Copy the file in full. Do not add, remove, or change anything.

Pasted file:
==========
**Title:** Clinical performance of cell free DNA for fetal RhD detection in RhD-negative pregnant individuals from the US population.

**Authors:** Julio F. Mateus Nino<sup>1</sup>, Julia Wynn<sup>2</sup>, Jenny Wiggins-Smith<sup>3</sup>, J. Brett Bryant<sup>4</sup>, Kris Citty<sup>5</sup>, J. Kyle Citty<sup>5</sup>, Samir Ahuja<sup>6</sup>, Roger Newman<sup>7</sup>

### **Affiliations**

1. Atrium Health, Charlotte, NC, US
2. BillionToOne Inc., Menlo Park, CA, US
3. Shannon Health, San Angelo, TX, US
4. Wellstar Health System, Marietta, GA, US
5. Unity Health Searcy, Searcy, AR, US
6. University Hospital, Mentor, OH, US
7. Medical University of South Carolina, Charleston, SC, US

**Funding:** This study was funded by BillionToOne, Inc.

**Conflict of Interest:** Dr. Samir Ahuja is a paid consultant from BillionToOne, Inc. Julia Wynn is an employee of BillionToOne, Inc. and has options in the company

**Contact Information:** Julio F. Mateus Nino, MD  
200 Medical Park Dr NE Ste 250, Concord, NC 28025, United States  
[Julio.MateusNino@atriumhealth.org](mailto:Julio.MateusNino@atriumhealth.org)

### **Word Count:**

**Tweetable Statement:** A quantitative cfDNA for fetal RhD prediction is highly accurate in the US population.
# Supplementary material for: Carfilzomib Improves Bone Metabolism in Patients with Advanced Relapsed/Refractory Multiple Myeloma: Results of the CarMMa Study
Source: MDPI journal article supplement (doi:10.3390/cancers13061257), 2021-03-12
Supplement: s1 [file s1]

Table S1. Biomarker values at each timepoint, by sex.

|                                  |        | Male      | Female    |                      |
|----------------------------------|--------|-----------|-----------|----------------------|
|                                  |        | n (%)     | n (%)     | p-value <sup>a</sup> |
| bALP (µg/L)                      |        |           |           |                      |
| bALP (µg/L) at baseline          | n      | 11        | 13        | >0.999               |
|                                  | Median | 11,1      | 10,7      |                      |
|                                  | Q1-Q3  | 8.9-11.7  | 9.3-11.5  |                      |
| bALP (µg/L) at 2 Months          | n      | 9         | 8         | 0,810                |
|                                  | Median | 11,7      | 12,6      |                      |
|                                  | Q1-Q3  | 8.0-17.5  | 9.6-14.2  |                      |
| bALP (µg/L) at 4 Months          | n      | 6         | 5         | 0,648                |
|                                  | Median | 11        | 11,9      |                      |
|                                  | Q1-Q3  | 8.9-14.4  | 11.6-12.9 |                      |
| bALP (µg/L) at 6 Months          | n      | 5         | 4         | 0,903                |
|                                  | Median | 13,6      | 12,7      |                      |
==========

**Title:** Clinical performance of cell free DNA for fetal RhD detection in RhD-negative pregnant individuals from the US population.

**Authors:** Julio F. Mateus Nino<sup>1</sup>, Julia Wynn<sup>2</sup>, Jenny Wiggins-Smith<sup>3</sup>, J. Brett Bryant<sup>4</sup>, Kris Citty<sup>5</sup>, J. Kyle Citty<sup>5</sup>, Samir Ahuja<sup>6</sup>, Roger Newman<sup>7</sup>

### **Affiliations**

1. Atrium Health, Charlotte, NC, US
2. BillionToOne Inc., Menlo Park, CA, US
3. Shannon Health, San Angelo, TX, US
4. Wellstar Health System, Marietta, GA, US
5. Unity Health Searcy, Searcy, AR, US
6. University Hospital, Mentor, OH, US
7. Medical University of South Carolina, Charleston, SC, US

**Funding:** This study was funded by BillionToOne, Inc.

**Conflict of Interest:** Dr. Samir Ahuja is a paid consultant from BillionToOne, Inc. Julia Wynn is an employee of BillionToOne, Inc. and has options in the company

**Contact Information:** Julio F. Mateus Nino, MD  
200 Medical Park Dr NE Ste 250, Concord, NC 28025, United States  
[Julio.MateusNino@atriumhealth.org](mailto:Julio.MateusNino@atriumhealth.org)

### **Word Count:**

**Tweetable Statement:** A quantitative cfDNA for fetal RhD prediction is highly accurate in the US population.
# Supplementary material for: Carfilzomib Improves Bone Metabolism in Patients with Advanced Relapsed/Refractory Multiple Myeloma: Results of the CarMMa Study
Source: MDPI journal article supplement (doi:10.3390/cancers13061257), 2021-03-12
Supplement: s1 [file s1]

Table S1. Biomarker values at each timepoint, by sex.

|                                  |        | Male      | Female    |                      |
|----------------------------------|--------|-----------|-----------|----------------------|
|                                  |        | n (%)     | n (%)     | p-value <sup>a</sup> |
| bALP (µg/L)                      |        |           |           |                      |
| bALP (µg/L) at baseline          | n      | 11        | 13        | >0.999               |
|                                  | Median | 11,1      | 10,7      |                      |
|                                  | Q1-Q3  | 8.9-11.7  | 9.3-11.5  |                      |
| bALP (µg/L) at 2 Months          | n      | 9         | 8         | 0,810                |
|                                  | Median | 11,7      | 12,6      |                      |
|                                  | Q1-Q3  | 8.0-17.5  | 9.6-14.2  |                      |
| bALP (µg/L) at 4 Months          | n      | 6         | 5         | 0,648                |
|                                  | Median | 11        | 11,9      |                      |
|                                  | Q1-Q3  | 8.9-14.4  | 11.6-12.9 |                      |
| bALP (µg/L) at 6 Months          | n      | 5         | 4         | 0,903                |
|                                  | Median | 13,6      | 12,7      |                      |